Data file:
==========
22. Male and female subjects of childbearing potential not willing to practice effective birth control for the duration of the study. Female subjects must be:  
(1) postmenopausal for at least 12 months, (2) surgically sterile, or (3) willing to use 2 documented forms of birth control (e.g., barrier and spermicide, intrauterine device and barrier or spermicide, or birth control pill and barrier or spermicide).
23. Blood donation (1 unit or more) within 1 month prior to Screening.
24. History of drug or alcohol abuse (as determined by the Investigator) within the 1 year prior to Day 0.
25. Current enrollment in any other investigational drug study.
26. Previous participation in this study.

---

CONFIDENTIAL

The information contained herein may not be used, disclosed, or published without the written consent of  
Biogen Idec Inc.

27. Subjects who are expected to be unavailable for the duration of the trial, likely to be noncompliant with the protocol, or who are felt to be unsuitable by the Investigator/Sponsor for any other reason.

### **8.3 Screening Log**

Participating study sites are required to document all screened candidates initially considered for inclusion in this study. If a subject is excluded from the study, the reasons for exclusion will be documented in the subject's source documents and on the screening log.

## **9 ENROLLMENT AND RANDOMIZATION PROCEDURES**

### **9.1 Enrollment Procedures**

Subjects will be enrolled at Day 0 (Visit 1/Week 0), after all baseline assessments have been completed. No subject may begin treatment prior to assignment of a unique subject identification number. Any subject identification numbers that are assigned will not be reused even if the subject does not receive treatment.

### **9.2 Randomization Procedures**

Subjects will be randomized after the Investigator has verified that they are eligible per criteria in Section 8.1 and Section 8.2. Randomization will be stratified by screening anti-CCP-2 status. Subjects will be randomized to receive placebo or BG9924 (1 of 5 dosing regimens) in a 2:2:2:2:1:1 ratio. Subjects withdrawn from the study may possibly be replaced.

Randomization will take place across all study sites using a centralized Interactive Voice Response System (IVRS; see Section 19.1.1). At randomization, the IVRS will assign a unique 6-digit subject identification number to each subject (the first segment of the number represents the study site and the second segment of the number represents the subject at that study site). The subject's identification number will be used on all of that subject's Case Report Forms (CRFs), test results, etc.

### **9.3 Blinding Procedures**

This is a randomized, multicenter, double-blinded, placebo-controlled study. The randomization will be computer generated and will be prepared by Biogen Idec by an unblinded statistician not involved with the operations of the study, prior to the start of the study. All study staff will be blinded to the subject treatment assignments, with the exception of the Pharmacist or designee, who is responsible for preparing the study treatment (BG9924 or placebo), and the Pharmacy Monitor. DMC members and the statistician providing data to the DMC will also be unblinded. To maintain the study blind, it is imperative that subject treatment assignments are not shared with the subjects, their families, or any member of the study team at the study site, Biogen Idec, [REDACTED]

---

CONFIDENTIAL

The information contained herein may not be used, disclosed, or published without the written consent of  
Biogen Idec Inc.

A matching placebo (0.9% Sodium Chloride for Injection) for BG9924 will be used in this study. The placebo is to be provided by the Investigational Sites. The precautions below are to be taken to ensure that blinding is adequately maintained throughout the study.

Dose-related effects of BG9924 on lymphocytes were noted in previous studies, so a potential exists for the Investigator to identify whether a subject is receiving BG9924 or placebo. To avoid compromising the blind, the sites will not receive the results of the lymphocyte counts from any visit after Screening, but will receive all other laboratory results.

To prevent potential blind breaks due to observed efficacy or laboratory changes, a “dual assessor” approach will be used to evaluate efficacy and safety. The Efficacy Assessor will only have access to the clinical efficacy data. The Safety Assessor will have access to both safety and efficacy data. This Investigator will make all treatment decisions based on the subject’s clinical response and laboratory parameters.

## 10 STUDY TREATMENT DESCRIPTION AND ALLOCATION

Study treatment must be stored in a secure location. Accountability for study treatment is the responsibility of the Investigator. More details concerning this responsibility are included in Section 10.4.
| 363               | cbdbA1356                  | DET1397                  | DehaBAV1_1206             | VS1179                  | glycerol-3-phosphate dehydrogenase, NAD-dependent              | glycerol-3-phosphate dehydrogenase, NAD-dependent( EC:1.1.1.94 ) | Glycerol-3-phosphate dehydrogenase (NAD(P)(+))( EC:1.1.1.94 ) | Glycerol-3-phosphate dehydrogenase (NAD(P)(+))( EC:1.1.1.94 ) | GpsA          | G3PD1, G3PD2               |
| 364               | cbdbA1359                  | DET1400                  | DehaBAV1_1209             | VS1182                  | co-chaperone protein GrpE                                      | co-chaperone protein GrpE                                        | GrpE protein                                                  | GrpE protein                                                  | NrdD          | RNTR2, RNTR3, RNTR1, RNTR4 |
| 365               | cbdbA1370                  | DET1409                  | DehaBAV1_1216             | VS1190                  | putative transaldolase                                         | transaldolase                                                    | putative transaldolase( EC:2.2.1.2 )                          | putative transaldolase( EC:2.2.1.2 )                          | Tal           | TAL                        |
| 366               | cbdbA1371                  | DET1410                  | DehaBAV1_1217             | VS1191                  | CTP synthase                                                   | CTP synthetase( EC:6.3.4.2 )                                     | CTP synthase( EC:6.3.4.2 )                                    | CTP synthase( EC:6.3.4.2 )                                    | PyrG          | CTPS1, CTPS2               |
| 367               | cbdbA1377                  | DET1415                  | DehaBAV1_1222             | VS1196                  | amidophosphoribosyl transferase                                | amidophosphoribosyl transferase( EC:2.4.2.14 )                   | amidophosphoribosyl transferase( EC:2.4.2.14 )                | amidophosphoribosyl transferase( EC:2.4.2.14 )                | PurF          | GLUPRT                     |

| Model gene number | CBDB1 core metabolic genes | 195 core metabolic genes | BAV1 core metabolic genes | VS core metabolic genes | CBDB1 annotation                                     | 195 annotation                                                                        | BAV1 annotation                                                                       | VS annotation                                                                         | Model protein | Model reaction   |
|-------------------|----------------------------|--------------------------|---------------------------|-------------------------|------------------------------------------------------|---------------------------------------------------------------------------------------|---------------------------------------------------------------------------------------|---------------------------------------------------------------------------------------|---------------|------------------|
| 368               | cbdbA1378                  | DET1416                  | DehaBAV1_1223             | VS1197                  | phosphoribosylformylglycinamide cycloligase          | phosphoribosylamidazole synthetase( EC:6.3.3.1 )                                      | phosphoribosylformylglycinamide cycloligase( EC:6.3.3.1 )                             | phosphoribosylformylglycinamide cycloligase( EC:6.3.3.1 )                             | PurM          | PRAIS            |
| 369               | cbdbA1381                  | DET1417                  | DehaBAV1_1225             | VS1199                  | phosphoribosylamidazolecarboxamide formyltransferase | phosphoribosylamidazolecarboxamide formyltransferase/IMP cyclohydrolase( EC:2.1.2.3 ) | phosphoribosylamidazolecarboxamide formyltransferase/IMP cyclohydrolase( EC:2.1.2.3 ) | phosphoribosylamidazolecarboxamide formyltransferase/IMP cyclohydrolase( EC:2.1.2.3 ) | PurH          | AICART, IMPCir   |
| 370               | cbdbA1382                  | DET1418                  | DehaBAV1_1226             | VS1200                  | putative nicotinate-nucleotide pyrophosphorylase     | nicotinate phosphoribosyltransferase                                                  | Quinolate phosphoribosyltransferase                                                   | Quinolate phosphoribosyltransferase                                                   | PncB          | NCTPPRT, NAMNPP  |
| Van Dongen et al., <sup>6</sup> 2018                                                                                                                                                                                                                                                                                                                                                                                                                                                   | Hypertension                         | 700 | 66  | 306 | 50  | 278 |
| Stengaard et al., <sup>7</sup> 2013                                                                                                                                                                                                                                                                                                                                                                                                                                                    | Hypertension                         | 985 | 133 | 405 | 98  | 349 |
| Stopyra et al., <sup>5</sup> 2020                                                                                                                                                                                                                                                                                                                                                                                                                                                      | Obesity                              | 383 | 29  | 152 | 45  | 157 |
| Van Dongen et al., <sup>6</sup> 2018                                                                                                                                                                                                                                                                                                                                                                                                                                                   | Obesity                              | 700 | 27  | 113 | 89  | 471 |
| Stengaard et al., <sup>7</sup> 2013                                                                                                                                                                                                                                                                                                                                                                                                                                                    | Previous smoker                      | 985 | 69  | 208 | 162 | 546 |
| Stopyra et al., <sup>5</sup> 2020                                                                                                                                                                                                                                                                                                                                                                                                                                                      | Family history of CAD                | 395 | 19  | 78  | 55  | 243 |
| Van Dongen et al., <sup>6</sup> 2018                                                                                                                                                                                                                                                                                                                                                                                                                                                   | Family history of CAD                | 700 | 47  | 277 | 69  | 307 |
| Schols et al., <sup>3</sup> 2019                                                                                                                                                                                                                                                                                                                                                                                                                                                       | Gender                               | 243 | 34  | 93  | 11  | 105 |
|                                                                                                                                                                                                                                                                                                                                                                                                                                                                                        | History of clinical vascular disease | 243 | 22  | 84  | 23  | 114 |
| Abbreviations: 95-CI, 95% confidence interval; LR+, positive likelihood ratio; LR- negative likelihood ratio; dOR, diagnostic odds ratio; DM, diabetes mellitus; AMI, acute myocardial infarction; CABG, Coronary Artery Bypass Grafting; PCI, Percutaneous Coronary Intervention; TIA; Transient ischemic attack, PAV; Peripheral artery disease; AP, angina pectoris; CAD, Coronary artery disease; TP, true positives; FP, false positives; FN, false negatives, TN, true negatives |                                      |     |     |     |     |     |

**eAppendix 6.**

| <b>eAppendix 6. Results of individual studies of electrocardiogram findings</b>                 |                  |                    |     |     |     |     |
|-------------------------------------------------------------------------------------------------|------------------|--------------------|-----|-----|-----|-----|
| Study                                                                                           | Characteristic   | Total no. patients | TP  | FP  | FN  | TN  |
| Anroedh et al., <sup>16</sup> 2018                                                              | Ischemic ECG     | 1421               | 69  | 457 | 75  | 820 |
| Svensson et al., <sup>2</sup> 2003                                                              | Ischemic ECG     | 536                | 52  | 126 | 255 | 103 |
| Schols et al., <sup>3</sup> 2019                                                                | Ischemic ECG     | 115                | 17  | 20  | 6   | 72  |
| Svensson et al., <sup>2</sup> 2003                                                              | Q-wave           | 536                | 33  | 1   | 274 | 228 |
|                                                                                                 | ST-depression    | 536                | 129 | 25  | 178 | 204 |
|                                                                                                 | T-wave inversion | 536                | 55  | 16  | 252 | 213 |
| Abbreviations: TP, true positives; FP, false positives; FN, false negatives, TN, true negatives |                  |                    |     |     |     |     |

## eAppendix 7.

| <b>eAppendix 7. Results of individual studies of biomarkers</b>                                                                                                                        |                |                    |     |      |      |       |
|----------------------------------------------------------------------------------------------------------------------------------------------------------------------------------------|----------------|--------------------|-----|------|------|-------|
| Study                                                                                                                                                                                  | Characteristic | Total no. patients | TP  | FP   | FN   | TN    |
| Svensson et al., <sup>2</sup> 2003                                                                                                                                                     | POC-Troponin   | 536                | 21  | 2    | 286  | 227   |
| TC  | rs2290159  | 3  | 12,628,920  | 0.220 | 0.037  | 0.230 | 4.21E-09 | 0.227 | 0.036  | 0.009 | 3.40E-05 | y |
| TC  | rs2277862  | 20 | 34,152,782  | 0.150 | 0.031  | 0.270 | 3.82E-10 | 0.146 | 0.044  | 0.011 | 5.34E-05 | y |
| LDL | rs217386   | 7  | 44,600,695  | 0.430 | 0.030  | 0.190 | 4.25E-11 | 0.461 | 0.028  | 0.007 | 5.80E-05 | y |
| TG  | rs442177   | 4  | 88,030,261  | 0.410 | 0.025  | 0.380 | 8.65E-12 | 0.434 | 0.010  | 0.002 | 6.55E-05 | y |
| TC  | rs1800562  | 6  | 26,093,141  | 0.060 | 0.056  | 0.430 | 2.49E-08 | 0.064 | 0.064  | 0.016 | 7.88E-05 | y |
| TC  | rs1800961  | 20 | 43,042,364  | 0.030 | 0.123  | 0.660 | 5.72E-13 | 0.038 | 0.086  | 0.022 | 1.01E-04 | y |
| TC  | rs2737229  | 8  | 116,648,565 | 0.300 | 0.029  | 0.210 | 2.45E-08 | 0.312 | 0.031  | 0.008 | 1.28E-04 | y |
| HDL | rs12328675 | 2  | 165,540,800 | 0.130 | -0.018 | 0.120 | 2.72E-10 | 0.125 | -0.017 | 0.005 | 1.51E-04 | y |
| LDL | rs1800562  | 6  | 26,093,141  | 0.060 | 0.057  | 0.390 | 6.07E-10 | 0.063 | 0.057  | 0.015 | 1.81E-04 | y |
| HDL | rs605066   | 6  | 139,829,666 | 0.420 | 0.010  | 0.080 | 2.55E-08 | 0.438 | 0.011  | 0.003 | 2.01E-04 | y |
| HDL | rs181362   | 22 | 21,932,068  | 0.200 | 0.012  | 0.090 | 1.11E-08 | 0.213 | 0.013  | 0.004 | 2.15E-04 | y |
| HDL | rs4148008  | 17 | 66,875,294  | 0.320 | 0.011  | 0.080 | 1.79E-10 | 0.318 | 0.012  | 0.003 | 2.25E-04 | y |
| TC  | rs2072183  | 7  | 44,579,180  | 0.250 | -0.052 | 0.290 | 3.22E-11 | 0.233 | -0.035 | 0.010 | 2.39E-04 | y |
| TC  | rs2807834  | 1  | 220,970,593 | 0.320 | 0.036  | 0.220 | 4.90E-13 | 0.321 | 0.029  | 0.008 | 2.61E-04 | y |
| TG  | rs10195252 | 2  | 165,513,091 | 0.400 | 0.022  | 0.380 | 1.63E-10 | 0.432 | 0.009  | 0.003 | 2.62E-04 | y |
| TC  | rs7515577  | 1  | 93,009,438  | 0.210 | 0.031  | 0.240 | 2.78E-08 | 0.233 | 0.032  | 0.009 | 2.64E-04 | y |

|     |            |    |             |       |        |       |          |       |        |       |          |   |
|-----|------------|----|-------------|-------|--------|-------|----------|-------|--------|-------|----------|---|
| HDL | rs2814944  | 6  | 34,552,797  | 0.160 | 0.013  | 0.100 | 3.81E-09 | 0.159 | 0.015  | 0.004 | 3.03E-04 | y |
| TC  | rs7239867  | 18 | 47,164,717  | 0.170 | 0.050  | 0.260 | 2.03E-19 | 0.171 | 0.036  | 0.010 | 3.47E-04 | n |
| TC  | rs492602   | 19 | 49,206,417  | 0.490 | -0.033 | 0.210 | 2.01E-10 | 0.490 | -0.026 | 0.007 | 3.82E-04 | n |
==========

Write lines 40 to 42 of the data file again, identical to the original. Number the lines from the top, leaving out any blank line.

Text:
| 370               | cbdbA1382                  | DET1418                  | DehaBAV1_1226             | VS1200                  | putative nicotinate-nucleotide pyrophosphorylase     | nicotinate phosphoribosyltransferase                                                  | Quinolate phosphoribosyltransferase                                                   | Quinolate phosphoribosyltransferase                                                   | PncB          | NCTPPRT, NAMNPP  |
| Van Dongen et al., <sup>6</sup> 2018                                                                                                                                                                                                                                                                                                                                                                                                                                                   | Hypertension                         | 700 | 66  | 306 | 50  | 278 |
| Stengaard et al., <sup>7</sup> 2013                                                                                                                                                                                                                                                                                                                                                                                                                                                    | Hypertension                         | 985 | 133 | 405 | 98  | 349 |